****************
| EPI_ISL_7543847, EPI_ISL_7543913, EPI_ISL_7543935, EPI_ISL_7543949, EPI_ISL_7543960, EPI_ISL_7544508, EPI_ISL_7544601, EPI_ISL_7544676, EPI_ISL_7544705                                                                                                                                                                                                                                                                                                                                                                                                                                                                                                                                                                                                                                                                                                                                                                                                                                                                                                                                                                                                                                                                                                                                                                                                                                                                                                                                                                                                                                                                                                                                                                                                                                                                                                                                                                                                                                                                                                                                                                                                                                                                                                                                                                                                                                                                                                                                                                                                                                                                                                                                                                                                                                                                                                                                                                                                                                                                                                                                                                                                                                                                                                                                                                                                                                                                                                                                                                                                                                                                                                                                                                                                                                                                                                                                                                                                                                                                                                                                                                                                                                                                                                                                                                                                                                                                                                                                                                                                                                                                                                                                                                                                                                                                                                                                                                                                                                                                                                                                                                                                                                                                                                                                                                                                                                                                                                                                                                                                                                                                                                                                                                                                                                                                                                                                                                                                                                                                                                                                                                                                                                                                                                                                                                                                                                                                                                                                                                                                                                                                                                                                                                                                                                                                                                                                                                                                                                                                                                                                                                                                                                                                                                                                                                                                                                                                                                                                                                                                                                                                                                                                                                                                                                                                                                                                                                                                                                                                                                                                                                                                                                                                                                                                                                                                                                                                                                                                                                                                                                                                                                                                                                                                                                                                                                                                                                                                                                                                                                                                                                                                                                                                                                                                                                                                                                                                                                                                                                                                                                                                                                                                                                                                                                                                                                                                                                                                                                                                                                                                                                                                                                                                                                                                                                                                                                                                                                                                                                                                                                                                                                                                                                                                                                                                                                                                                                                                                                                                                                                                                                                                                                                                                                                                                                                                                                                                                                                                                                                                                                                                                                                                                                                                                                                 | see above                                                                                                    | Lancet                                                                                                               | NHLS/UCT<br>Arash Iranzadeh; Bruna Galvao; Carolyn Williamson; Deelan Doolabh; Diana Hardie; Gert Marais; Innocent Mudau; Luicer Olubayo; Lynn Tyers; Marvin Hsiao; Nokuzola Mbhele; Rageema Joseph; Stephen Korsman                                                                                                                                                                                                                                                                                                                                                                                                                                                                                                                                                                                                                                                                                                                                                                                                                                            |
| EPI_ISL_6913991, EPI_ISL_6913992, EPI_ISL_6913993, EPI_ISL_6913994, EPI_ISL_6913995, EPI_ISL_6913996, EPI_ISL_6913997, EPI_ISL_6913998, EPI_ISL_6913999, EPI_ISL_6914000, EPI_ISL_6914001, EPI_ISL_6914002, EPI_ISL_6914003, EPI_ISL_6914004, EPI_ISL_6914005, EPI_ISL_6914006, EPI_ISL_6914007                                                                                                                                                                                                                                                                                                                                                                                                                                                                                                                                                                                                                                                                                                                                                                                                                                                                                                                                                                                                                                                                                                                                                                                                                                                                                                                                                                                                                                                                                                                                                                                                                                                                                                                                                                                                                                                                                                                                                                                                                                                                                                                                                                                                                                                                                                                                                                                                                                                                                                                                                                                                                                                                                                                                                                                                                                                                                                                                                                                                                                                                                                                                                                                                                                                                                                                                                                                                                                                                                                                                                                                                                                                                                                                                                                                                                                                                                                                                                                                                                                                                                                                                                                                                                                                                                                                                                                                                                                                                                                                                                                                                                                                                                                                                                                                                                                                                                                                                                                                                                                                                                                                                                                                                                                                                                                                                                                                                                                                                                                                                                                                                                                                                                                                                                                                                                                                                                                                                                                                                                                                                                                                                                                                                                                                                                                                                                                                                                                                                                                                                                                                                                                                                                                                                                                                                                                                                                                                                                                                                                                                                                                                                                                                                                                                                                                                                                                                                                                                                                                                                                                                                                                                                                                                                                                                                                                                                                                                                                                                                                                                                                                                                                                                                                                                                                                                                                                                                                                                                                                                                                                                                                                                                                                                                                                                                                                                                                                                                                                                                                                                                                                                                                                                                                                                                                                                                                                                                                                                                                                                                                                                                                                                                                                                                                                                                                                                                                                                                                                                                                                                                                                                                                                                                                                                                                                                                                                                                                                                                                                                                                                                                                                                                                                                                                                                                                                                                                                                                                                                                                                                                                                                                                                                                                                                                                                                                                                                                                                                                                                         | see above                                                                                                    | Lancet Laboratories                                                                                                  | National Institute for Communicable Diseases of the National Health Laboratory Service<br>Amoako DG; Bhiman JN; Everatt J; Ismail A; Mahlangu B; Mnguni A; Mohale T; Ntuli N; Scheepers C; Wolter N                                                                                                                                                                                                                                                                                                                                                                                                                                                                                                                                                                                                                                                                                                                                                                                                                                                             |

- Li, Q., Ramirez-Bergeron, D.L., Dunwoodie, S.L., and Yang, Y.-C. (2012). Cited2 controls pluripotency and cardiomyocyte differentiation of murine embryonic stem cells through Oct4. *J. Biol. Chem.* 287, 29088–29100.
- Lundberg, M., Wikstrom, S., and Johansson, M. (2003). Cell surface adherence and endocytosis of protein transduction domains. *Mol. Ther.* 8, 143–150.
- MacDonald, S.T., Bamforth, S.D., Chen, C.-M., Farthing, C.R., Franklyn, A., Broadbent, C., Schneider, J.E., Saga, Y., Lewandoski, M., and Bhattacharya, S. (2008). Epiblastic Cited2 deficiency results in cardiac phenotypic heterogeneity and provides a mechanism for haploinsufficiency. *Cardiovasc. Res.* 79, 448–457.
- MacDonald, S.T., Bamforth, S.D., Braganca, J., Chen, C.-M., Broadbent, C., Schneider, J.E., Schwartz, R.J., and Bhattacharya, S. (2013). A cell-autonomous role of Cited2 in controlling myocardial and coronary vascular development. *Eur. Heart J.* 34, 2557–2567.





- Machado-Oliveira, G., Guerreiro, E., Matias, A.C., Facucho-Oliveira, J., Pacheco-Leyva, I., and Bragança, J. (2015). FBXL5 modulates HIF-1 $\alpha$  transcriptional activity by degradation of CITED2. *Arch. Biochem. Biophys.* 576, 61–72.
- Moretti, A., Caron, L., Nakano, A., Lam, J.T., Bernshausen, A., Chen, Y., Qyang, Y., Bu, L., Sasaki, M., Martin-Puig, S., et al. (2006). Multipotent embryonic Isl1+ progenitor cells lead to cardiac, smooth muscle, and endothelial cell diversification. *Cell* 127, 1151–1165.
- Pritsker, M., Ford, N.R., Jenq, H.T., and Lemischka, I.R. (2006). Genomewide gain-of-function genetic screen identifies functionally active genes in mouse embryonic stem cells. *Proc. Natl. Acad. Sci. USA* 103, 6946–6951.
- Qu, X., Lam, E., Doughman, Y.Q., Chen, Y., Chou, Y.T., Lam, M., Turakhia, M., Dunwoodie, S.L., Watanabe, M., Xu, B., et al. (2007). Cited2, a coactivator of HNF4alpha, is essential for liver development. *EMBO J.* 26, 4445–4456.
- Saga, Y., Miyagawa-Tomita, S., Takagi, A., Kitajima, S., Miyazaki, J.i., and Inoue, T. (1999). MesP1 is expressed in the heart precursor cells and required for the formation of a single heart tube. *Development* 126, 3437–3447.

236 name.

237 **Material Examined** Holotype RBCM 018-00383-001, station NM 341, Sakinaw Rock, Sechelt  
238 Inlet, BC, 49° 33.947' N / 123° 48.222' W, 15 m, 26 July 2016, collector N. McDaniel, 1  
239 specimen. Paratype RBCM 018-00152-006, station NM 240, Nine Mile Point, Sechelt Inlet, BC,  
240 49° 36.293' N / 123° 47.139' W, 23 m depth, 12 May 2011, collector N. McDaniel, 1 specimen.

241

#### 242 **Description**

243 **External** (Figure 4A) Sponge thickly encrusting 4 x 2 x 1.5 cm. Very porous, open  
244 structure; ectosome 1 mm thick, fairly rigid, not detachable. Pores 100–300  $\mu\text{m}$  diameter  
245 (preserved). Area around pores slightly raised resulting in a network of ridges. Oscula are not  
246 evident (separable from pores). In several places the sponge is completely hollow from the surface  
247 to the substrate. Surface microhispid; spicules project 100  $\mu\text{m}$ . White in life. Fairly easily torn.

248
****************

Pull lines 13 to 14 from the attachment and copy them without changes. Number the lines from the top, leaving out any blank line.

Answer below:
237 **Material Examined** Holotype RBCM 018-00383-001, station NM 341, Sakinaw Rock, Sechelt  
238 Inlet, BC, 49° 33.947' N / 123° 48.222' W, 15 m, 26 July 2016, collector N. McDaniel, 1  